There are, however, significant costs associated with these DAAs. Each of these drugs boast some of the highest Wholesale Acquisition Costs (WACs) in the pharmaceutical industry. Zepatier, the newest DAA on the market, currently sports the lowest WAC of the pack at the comparatively low price of only $54,000 for twelve weeks of treatment. Even with negotiated pricing and rebate deals between ADAPs and drug manufacturers that may lower those costs by up to 80% off the WAC, many ADAPs, Southern or otherwise, find themselves unable to afford the cost of coverage, leaving ADAP recipients to fend for themselves in an attempt to pay for treatment.

Under the Affordable Care Act (ACA), states were asked to voluntarily expand their Medicaid programs, which would have allowed Ryan White Part B ADAP programs to shift a significant number of their clients off of their rosters and onto their states’ Medicaid programs. However, this voluntary expansion plan ended up working out exactly as expected: the states that most needed the Medicaid expansion to address their healthcare needs ended up being the states that opted not to expand their programs. Of the seventeen Southern states, only seven states have expanded their programs, only three of which (AR, KY, & LA) fall in the area commonly referred to as the “Deep South.”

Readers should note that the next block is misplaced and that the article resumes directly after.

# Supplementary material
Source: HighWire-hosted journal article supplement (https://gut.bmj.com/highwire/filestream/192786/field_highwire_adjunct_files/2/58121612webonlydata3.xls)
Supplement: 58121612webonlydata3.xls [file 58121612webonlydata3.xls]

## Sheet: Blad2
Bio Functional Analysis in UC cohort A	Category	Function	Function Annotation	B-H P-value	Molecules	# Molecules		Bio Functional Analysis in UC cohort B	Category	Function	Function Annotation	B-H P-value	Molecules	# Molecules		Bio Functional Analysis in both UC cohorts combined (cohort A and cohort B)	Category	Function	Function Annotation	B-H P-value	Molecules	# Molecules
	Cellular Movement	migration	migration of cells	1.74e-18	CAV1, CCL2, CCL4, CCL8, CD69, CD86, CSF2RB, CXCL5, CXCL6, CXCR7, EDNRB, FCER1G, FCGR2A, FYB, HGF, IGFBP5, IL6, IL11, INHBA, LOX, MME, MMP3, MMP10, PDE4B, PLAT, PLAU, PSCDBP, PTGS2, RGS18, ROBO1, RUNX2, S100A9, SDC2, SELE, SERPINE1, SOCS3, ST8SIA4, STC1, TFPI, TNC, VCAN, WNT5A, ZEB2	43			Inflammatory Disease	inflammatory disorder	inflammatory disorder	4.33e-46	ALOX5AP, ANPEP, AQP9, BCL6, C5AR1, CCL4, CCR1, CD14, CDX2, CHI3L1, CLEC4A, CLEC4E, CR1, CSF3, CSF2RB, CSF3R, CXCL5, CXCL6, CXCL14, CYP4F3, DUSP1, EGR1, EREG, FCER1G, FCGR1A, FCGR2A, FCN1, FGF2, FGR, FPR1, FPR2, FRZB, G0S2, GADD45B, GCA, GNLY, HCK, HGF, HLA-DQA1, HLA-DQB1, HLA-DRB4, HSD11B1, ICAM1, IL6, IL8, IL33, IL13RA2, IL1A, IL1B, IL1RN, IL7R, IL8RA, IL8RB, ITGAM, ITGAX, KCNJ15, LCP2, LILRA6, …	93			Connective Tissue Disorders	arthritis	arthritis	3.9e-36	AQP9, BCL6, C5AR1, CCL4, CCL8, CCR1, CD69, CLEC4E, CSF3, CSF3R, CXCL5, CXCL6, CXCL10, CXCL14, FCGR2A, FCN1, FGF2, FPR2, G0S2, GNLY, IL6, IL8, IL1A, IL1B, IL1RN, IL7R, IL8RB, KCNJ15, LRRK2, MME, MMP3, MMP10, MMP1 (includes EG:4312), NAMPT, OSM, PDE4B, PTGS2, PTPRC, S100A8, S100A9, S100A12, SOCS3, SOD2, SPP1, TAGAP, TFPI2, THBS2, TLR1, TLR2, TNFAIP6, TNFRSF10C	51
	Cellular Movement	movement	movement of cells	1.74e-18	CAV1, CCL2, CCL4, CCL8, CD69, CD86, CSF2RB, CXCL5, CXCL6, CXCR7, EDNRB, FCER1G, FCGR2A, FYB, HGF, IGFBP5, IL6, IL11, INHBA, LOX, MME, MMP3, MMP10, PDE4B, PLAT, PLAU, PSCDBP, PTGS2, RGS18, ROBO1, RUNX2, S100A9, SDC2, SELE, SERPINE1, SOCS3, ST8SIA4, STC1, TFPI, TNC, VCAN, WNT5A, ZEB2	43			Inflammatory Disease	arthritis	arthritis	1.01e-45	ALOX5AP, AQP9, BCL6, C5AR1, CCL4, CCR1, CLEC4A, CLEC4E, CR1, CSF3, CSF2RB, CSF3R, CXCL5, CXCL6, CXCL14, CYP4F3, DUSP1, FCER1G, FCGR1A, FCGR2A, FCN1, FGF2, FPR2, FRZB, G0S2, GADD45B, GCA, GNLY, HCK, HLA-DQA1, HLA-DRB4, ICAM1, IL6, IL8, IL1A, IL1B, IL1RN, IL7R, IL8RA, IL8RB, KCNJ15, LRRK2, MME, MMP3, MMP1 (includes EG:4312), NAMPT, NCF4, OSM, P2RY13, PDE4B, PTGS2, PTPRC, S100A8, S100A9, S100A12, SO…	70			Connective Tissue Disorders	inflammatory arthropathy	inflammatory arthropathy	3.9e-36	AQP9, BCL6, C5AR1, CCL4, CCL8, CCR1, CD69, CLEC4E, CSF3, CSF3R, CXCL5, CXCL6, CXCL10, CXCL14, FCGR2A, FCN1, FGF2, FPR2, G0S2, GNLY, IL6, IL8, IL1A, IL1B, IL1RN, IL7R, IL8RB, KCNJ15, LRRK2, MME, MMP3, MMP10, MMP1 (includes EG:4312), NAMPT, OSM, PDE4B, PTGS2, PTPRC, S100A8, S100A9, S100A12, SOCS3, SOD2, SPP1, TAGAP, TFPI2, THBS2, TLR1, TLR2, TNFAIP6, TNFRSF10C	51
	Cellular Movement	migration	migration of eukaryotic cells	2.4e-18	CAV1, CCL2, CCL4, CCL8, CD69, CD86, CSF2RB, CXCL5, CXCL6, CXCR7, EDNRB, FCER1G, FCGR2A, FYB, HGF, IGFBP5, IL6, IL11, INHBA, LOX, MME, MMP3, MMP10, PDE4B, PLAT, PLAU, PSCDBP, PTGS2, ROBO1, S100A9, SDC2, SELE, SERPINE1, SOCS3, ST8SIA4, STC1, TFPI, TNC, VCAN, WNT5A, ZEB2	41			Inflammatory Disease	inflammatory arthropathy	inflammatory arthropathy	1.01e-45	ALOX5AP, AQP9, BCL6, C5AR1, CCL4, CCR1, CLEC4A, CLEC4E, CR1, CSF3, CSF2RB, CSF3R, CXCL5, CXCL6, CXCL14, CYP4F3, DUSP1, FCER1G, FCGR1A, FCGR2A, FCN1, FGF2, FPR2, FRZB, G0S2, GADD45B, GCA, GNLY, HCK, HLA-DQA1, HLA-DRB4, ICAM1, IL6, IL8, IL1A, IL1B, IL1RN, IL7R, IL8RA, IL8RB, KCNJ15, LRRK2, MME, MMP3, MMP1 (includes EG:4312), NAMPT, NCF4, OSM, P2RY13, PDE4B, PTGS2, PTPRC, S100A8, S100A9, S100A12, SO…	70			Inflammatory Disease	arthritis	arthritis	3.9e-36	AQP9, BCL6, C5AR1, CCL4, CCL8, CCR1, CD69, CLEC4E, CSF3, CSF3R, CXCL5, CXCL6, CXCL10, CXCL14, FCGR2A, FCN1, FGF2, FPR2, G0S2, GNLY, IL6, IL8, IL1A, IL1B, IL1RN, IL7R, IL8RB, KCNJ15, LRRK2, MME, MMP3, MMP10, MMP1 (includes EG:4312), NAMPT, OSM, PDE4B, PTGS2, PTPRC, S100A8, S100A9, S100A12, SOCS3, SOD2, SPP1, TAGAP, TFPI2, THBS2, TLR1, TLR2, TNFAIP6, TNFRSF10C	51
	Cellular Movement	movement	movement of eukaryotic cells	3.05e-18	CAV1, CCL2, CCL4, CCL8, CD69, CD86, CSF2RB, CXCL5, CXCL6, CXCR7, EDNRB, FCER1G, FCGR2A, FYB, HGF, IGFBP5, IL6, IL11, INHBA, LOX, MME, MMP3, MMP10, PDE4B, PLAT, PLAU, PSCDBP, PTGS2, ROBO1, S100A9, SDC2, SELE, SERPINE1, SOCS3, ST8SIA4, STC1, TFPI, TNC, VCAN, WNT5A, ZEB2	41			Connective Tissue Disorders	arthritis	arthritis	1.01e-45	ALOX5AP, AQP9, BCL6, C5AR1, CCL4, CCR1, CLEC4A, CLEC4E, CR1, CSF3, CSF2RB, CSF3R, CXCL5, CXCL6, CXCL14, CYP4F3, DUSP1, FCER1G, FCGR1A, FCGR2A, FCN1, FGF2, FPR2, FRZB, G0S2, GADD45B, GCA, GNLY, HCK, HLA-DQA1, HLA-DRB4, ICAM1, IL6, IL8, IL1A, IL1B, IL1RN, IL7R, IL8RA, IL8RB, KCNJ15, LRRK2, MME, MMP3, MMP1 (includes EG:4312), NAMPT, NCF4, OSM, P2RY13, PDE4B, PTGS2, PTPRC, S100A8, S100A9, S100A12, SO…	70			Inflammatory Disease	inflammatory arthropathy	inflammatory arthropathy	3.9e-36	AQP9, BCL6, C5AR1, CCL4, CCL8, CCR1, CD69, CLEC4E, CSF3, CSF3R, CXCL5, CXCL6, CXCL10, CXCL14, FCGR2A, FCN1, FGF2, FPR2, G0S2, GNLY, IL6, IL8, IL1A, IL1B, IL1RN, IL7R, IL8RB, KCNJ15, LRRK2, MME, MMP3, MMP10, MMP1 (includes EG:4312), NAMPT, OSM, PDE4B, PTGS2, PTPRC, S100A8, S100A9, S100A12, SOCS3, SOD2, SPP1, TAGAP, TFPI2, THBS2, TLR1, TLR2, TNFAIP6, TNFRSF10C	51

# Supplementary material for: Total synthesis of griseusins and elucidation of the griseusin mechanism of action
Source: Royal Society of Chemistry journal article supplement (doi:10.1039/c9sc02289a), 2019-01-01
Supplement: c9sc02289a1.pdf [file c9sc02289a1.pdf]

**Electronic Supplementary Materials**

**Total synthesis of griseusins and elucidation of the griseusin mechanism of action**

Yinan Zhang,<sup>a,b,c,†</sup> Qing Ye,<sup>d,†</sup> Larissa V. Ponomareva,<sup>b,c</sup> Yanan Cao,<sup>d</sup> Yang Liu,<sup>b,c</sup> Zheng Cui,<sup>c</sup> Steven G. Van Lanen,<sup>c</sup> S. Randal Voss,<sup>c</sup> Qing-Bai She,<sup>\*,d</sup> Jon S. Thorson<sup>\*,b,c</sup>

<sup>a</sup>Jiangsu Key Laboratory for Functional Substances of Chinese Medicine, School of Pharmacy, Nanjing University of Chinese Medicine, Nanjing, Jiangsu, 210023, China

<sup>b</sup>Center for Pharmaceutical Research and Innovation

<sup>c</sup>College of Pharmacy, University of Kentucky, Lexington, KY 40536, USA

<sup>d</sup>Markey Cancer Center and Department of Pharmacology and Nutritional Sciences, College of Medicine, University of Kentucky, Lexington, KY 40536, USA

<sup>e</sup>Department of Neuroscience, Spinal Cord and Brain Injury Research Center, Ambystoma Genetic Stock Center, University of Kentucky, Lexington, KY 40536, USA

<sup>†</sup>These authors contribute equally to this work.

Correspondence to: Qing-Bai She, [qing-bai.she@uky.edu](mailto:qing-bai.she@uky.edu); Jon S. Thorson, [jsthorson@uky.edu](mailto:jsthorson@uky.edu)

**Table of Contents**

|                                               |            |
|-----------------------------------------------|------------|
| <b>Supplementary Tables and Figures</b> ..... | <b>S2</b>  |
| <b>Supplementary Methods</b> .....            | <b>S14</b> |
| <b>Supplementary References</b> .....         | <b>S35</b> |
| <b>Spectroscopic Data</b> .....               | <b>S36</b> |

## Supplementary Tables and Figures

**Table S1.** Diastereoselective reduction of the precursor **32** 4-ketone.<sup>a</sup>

In these non-expansion states, ADAPs and their clients continue to face barriers related to coverage of the HCV DAA drugs. Of the nineteen states whose legislatures (or governors, via executive order) have opted not to expand Medicaid, only five (ME, OK, SD, TN, & VA) off expanded DAA coverage, while seven (FL, GA, KY, LA, NE, TX, & UT) offer no coverage, whatsoever. The remaining seven states (AL, MS, MO, NC, SC, WI, & WY) provide the outdated, ribavirin- and Pegylated Interferon-based treatments.